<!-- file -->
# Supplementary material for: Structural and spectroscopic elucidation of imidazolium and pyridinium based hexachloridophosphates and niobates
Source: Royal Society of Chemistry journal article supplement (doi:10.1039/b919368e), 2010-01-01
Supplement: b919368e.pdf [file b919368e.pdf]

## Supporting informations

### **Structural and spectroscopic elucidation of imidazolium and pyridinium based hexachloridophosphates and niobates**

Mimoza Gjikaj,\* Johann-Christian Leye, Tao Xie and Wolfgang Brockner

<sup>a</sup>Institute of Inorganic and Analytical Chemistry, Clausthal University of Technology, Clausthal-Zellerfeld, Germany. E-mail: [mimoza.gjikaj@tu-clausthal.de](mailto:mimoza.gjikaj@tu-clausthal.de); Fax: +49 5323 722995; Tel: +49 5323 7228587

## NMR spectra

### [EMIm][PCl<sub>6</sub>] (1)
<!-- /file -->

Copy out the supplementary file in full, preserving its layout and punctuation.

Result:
# Supplementary material for: Structural and spectroscopic elucidation of imidazolium and pyridinium based hexachloridophosphates and niobates
Source: Royal Society of Chemistry journal article supplement (doi:10.1039/b919368e), 2010-01-01
Supplement: b919368e.pdf [file b919368e.pdf]

## Supporting informations

### **Structural and spectroscopic elucidation of imidazolium and pyridinium based hexachloridophosphates and niobates**

Mimoza Gjikaj,\* Johann-Christian Leye, Tao Xie and Wolfgang Brockner

<sup>a</sup>Institute of Inorganic and Analytical Chemistry, Clausthal University of Technology, Clausthal-Zellerfeld, Germany. E-mail: [mimoza.gjikaj@tu-clausthal.de](mailto:mimoza.gjikaj@tu-clausthal.de); Fax: +49 5323 722995; Tel: +49 5323 7228587

## NMR spectra

### [EMIm][PCl<sub>6</sub>] (1)